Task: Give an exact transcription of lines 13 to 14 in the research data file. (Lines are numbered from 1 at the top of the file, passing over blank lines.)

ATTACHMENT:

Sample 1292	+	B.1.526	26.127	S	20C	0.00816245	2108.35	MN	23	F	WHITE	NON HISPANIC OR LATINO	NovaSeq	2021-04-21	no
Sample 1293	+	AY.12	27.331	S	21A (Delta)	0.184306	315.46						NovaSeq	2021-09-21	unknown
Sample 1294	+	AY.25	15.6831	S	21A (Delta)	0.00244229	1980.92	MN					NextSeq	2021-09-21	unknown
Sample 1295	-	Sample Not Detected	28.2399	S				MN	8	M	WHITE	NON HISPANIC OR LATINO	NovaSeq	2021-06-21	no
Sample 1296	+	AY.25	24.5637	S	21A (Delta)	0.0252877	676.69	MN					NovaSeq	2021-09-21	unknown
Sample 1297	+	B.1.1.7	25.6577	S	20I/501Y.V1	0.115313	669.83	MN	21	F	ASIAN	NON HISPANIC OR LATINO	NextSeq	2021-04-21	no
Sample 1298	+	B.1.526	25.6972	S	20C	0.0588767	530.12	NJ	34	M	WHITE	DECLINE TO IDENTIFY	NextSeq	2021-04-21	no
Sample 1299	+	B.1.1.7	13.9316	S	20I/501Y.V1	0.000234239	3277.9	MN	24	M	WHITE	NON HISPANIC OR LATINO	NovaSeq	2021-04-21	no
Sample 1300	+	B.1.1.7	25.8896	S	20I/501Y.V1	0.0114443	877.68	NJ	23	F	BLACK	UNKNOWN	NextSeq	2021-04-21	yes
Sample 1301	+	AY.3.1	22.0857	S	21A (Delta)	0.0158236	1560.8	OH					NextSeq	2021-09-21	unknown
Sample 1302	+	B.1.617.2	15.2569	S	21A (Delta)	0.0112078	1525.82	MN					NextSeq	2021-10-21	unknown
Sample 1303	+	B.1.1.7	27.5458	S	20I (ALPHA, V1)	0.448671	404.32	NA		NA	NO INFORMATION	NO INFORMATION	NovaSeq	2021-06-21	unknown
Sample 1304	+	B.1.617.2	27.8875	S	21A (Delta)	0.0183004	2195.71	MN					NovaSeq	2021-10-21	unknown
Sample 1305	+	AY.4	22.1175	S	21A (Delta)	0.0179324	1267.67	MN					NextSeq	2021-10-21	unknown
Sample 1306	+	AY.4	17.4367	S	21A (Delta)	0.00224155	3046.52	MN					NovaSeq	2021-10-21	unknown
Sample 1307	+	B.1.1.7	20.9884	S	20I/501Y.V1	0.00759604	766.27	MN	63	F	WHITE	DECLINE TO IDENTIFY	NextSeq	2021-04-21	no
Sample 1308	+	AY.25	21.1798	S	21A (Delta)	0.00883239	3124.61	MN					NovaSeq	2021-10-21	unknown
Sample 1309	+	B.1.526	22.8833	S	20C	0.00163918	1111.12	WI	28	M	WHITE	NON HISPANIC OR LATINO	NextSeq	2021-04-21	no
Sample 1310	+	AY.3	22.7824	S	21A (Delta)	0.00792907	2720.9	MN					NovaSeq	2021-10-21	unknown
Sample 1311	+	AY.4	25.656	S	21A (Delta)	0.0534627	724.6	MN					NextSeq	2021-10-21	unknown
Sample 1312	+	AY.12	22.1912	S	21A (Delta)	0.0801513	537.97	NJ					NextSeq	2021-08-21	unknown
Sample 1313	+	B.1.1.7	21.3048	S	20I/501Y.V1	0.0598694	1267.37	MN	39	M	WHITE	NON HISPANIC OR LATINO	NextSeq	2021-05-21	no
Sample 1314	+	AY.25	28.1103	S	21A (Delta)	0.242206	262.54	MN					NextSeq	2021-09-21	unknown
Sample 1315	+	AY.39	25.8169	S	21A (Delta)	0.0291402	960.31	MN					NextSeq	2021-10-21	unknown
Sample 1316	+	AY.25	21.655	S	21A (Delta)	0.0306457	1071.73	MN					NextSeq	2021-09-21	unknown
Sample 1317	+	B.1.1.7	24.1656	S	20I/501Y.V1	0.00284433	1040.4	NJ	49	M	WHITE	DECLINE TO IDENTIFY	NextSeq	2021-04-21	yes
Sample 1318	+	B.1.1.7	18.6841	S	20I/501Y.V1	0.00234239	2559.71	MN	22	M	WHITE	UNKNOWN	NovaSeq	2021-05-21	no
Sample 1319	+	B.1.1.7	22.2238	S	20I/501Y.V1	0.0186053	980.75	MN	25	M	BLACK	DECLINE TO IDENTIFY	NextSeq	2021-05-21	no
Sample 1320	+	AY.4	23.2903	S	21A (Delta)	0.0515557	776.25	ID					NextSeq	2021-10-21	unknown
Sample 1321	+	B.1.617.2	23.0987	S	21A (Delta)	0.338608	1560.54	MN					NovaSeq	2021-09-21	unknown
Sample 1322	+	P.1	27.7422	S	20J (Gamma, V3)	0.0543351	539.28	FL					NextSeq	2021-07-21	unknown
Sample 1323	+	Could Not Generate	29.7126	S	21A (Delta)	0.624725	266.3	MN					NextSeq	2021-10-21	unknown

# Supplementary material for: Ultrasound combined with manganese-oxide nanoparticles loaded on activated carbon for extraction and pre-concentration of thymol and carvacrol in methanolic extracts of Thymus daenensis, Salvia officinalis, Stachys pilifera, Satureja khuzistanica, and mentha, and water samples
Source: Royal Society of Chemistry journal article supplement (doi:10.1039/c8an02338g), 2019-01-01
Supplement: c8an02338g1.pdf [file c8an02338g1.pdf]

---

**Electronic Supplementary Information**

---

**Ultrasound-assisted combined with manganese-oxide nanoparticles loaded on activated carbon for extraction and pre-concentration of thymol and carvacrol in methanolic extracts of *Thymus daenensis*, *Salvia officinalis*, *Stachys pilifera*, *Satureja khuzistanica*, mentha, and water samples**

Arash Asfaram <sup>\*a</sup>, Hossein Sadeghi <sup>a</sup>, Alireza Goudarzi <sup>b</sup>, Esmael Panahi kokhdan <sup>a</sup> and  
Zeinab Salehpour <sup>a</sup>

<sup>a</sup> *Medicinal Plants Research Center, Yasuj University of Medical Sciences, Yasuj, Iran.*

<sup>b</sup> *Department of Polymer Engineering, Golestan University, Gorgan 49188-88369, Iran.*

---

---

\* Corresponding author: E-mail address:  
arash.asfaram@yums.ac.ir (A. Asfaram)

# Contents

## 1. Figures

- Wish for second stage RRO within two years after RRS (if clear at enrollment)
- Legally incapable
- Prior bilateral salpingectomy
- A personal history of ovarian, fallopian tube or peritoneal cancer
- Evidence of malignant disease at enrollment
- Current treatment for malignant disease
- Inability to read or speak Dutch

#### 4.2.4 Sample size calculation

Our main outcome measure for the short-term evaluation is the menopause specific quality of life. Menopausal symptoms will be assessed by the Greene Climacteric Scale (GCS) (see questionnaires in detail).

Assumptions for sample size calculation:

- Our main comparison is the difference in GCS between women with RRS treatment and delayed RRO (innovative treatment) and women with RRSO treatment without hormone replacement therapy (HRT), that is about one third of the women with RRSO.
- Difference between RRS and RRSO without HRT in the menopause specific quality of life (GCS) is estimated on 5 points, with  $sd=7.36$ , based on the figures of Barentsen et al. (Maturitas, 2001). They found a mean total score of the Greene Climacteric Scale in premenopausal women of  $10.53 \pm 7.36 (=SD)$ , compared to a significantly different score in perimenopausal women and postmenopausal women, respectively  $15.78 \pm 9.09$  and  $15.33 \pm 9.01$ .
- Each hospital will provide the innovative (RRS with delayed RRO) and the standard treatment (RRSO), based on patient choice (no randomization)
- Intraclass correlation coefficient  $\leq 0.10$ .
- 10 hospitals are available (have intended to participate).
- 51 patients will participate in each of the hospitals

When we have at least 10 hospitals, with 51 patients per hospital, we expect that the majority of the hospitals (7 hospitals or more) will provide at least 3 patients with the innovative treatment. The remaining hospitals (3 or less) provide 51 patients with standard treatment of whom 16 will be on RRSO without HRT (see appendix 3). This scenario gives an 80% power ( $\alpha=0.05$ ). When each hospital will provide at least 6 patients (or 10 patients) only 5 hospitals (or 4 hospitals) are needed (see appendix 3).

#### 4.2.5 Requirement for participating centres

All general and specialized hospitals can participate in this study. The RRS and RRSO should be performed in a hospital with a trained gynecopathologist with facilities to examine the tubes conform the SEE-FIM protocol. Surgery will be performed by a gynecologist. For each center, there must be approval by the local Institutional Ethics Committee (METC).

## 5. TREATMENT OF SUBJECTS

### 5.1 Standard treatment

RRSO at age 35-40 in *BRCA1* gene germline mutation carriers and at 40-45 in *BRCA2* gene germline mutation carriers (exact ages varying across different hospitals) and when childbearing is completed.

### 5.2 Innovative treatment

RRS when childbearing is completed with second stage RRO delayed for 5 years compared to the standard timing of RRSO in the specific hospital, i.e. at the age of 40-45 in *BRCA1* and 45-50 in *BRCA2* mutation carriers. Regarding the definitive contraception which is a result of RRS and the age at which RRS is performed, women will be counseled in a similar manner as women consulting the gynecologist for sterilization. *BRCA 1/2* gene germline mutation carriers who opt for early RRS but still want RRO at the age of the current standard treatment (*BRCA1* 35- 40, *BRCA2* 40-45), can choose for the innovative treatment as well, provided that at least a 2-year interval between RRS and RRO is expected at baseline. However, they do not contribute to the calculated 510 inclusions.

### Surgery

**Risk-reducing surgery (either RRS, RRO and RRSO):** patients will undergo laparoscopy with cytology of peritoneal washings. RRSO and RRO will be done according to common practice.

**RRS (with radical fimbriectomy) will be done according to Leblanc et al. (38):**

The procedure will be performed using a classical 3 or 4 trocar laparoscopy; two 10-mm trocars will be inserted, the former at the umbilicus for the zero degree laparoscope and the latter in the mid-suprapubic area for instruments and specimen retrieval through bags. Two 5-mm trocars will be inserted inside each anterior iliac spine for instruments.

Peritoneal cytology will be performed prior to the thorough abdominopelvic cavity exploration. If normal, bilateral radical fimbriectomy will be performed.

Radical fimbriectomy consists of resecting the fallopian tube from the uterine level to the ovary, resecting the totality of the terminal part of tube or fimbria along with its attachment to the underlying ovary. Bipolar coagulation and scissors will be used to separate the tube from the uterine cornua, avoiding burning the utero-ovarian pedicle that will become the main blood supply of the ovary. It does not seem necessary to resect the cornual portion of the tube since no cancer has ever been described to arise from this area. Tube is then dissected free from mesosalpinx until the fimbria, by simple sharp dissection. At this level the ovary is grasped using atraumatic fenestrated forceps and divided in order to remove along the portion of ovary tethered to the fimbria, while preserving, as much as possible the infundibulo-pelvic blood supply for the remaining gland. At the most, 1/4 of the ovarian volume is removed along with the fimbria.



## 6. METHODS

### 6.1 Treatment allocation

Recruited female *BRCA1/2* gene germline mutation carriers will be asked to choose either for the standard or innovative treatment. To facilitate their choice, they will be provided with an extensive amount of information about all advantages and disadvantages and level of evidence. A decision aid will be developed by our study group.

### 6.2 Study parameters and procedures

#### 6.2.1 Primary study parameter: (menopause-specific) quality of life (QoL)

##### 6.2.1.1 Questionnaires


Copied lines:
Sample 1304	+	B.1.617.2	27.8875	S	21A (Delta)	0.0183004	2195.71	MN					NovaSeq	2021-10-21	unknown
Sample 1305	+	AY.4	22.1175	S	21A (Delta)	0.0179324	1267.67	MN					NextSeq	2021-10-21	unknown